~ Andrey Henkin

Helio Alves at The Kitano

It was abundantly clear from the opening notes of Helio Alves' first set at The Kitano (Aug. 2nd) that, despite the room's hotel locale and salon-like atmosphere, this would be anything but an evening of polite cocktail music. The brilliant Brazilian pianist, leading an interAmerican trio with Chicago-born, Brooklyn-based bassist Lonnie Plaxico and Cuban drummer Ernesto Simpson, started things off at a brisk tempo with a landmark from his homeland, Hermeto Pascoal's "Bebe . Simpson's swirling rhythms maintained the samba beat while moving the music multidirectionally in ways that both complemented and prodded Alves as he blended staccato single notes and opulent chords into an intoxicating brew. A prolific composer, the pianist followed with one of his newest pieces, an untitled work that began rhapsodically with chords that recalled "Naima and then swelled dynamically into a melodic line that referenced "The Girl From Ipanema . On "Beija-Flor the trio played with a subtle sensitivity that belied the fact that this was only the second time they had worked as a unit. On his own song, also titled "Bebe , Alves demonstrated his broad pianistic palette, displaying an affinity towards McCoy Tyner and Bill Evans. The latter's influence was also evident on the pianist's delicate interpretation of Herbie Hancock's "Chan's Song . The set closer, Egberto Gismonti's "Loro , returned to the bright Brazilian mood that began the night.

Jimmy Heath at Jazzmobile

Jazzmobile has been bringing swinging sounds to the people of New York for more than four decades, traveling far and wide from its Harlem headquarters to keep the music alive in the city's many music- starved localities. On summer Wednesdays though, the nomadic stage takes a break from its roaming ways to rest at Grant's Tomb, where it brings the biggest names in jazz to 1,000s of uptown's most discerning music fans. After a disappointing July, wherein wet weather forced the cancellation of the season's first two concerts, August got off to an auspicious start when Jimmy Heath took to the stage (Aug. 1st) that Dizzy Gillespie and Dexter Gordon once occupied. Leading a quintet featuring Argentine trumpeter Diego Urcola up front with Jeb Patton at the piano, David Wong on bass and Winard Harper behind the drums, the diminutive tenor giant kicked off the set with "Take The A Tain (a song that might be considered the neighborhood's national anthem), the bandstand bouncing in time with the music as the crowd roared with approval, confirming the message of the set's second song, Heath's "A Sound For Sore Ears . The infectious rhythms of the funky calypso "Fuji Mama had people raucously dancing on the sidelines, but when Heath switched to soprano for a moody "'Round Midnight the audience hushed to a quiet often wished for in a noisy club. The fiery "Gingerbread Boy that ended the set was followed by an "On Green Dolphin Street encore.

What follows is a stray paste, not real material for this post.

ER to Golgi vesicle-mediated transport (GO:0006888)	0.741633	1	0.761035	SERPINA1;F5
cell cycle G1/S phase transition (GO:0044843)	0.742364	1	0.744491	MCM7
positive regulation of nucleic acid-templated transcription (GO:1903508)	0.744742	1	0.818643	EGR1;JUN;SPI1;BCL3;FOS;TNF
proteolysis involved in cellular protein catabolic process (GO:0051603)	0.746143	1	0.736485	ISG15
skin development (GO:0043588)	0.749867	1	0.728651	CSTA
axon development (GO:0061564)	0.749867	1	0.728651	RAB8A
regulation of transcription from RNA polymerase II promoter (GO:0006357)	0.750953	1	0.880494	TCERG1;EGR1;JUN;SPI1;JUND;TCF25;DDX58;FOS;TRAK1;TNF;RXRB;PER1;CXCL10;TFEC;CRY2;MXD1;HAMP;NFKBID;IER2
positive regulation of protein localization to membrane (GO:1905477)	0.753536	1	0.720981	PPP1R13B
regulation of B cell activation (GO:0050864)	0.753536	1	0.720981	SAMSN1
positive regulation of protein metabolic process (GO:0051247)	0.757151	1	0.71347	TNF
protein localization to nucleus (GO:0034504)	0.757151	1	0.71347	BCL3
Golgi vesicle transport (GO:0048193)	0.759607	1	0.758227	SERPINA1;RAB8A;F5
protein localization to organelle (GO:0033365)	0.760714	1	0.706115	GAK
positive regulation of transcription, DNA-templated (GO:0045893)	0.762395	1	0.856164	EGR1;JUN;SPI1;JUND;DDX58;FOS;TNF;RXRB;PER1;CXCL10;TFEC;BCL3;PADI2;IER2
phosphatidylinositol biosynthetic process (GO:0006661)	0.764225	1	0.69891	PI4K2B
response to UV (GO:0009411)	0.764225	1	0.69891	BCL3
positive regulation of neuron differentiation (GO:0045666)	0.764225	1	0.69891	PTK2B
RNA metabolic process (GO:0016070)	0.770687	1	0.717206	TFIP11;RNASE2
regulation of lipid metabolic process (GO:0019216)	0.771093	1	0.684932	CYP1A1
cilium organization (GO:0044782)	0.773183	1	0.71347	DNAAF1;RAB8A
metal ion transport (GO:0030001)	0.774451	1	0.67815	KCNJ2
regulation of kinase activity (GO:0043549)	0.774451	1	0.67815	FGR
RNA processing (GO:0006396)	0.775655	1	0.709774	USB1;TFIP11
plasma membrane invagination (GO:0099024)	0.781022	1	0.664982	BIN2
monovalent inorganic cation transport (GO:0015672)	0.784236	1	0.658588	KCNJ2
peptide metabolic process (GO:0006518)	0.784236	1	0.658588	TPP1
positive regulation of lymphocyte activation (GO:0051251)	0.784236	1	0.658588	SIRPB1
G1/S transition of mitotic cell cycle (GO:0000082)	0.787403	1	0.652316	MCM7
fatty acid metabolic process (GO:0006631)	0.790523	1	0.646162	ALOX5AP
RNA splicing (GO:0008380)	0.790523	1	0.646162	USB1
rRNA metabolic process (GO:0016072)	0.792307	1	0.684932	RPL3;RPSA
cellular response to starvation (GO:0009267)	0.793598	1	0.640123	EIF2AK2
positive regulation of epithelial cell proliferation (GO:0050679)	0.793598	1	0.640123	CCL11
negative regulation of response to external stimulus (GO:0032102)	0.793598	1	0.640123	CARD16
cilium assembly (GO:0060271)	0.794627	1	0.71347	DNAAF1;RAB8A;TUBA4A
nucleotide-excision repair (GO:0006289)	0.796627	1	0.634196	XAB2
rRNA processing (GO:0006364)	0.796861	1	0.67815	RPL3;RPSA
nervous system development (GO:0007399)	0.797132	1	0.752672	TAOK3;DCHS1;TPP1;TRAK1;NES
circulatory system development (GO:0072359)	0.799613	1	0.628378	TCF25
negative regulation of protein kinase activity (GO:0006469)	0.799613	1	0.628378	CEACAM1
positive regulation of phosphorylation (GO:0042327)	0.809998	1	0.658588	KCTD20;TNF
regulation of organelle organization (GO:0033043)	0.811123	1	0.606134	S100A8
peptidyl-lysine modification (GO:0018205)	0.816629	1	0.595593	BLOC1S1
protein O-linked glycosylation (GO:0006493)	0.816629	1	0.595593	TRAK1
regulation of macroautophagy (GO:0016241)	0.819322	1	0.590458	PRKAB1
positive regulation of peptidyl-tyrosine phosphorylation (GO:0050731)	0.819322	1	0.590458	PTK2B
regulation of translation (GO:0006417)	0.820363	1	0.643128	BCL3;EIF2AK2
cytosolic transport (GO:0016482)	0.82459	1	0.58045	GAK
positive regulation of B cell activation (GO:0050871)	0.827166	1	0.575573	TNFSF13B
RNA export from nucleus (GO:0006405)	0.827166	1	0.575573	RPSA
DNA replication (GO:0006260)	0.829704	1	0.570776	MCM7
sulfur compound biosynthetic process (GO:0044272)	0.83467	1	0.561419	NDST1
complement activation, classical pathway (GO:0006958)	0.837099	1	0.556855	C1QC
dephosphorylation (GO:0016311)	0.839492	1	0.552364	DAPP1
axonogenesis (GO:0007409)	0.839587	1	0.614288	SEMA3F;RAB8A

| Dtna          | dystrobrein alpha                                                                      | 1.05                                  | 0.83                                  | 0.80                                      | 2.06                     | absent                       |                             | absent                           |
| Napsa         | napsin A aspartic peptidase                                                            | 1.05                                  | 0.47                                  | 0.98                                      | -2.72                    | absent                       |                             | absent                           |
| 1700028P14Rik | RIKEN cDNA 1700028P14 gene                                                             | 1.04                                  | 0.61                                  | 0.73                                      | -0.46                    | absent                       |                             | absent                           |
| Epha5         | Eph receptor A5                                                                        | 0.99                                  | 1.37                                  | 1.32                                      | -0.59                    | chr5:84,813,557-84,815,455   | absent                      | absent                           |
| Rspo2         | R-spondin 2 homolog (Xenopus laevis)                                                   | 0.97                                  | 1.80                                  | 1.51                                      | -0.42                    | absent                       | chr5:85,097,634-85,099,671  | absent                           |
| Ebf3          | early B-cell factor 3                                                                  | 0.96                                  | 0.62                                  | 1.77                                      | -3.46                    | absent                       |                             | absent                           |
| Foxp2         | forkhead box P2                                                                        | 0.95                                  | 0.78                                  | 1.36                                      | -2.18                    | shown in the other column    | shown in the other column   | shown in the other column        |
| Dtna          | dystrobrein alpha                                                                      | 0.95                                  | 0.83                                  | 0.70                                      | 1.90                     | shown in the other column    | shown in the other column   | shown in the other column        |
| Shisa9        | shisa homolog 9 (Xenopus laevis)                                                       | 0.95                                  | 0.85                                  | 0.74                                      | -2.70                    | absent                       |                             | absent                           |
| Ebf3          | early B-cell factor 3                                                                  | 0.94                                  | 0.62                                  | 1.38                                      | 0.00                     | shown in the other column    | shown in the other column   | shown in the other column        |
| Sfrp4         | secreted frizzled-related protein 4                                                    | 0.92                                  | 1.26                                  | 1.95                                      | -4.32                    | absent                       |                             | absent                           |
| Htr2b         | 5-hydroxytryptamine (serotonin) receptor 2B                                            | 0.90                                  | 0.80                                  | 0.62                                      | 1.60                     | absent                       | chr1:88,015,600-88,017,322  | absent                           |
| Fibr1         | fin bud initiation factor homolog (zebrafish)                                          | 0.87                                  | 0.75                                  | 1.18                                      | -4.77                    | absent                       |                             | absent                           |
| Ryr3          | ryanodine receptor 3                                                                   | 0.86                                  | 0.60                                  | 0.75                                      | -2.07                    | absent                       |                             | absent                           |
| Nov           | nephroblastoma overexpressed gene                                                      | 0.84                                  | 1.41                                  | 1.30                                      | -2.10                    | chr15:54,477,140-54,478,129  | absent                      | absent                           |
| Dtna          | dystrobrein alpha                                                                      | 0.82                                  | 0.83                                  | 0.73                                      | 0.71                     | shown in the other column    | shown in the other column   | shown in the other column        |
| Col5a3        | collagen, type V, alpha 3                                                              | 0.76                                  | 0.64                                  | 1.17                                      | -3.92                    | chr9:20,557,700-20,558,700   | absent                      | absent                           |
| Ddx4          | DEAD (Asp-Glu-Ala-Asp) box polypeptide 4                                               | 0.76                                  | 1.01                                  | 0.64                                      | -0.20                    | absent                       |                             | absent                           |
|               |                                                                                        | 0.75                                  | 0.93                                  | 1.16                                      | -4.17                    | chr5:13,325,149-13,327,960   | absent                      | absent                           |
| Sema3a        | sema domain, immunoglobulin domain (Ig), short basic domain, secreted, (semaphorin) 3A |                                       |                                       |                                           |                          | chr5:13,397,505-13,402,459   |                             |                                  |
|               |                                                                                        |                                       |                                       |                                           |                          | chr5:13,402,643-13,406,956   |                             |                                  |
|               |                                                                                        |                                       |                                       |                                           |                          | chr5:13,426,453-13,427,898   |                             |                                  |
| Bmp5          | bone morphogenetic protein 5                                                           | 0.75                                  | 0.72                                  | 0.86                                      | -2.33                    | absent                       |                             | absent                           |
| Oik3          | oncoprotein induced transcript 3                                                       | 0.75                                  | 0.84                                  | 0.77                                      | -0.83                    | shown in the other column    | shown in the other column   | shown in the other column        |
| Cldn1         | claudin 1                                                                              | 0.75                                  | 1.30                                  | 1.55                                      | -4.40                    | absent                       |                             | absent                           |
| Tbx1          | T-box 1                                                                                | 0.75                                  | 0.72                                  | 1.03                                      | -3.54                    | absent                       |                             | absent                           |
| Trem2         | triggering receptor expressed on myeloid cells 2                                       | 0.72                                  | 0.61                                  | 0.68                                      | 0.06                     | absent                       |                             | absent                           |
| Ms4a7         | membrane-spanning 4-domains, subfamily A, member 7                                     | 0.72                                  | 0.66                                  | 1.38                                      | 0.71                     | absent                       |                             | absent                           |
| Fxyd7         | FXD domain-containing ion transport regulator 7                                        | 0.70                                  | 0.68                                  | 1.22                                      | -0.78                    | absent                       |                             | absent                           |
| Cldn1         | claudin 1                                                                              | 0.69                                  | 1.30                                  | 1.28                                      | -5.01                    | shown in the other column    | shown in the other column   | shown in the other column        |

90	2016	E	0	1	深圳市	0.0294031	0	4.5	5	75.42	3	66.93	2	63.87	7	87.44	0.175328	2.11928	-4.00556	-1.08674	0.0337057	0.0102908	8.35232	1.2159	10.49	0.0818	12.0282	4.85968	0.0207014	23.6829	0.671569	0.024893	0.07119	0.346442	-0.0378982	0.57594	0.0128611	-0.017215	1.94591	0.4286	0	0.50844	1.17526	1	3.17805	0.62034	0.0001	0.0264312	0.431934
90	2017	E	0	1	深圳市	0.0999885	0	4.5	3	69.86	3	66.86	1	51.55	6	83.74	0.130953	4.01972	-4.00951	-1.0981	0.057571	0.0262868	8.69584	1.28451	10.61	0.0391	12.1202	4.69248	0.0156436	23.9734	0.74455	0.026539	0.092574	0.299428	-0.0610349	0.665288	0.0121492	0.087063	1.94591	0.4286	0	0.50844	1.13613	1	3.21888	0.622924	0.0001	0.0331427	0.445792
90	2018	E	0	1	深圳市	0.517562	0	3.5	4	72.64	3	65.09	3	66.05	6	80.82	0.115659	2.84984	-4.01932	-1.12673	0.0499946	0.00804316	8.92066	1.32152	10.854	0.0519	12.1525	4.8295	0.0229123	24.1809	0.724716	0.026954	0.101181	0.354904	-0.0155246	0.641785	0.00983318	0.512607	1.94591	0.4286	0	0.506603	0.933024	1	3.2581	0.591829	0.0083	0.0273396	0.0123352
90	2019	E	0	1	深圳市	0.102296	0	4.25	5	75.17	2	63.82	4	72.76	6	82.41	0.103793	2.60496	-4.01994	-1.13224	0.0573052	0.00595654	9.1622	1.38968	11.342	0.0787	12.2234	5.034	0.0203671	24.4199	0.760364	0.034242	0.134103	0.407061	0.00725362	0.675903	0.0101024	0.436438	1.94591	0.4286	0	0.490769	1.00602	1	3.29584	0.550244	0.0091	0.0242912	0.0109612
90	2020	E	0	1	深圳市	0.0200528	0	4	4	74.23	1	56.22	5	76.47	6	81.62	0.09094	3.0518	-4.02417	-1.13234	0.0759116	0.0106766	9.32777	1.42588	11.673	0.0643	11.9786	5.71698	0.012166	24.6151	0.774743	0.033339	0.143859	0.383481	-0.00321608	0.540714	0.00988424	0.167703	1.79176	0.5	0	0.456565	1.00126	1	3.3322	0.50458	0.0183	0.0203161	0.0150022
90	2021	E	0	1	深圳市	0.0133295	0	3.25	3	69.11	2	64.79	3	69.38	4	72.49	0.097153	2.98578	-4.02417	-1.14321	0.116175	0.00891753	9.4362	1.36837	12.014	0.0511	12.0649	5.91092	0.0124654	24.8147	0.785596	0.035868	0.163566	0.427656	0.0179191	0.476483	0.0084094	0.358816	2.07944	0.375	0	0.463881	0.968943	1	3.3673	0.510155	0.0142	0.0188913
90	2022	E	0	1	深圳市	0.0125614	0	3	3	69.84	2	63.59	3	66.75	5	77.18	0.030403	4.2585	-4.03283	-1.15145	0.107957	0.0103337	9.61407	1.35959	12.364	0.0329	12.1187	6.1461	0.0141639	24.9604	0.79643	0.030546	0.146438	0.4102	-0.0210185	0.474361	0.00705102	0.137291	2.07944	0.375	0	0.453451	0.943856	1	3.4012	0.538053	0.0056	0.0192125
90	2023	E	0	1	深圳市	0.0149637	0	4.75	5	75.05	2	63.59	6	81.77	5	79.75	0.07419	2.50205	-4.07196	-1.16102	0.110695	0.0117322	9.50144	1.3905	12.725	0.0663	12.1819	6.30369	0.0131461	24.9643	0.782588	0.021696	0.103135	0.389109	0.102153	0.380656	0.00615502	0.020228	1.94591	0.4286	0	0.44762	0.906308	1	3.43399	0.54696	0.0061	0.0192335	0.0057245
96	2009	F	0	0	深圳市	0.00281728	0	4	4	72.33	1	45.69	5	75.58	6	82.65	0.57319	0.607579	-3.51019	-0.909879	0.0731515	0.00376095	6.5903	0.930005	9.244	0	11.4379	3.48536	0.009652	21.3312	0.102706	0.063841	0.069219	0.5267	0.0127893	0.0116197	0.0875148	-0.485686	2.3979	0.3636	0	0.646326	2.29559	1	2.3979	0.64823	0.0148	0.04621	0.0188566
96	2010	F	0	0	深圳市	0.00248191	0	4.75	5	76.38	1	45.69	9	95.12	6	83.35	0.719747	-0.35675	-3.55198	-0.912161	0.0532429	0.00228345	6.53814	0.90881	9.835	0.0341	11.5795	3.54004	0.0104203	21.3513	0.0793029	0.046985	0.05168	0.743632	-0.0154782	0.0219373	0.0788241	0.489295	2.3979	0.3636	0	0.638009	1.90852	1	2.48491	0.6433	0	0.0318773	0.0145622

~ Russ Musto

Recommended New Listening:

· Rob Brown Trio — Sounds (Clean Feed)

· Paquito D'Rivera Quintet — Funk Tango (Paquito-Sunnyside)

· Charles Davis — Land of Dreams (Smalls)

· Jason Lindner Big Band — Live at the Jazz Gallery (Anzic)

· David Murray Black Saint Quartet — Sacred Ground (Justin Time)

· Jacques Schwarz-Bart — Soné Ka La (EmArcy)

-David Adler NY@Night Columnist, AllAboutJazz.com

· The All Ear Trio (John Tchicai/Thomas Agergaard/Peter Ole Jørgensen) — Boiler (with Sirone) (Ninth World Music)

· Jimmy Bennington/Julian Priester — Portraits and Silhouettes (TSP)

· Sam Newsome — Monk Abstractions (s/r)

· Antonio Sanchez — Migration (CAMJazz)

· Carol Sloane — Dearest Duke (Arbors)

· Sonore (Peter Brötzmann/Mats Gustafsson/Ken Vandermark) — Only the Devil Has No Dreams (Jazzwerkstatt)

-Laurence Donohue-Greene Managing Editor, AllAboutJazz-New York

· Alex Kontorovich — Deep Minor (Chamsa)

· Joachim Kühn/Majid Bekkas — Kalimba (ACT)

· Mat Marucci/Doug Webb Trio — No Lesser Evil (Cadence Jazz)

· Ravish Momin's Trio Tarana — Miren (A Longing) (Clean Feed)

· Sam Newsome — Monk Abstractions (s/r)

· Various Artists — Leo Records 25th Anniversary Loft, Koln (Leo)

-Andrey Henkin Editorial Director, AllAboutJazz-New York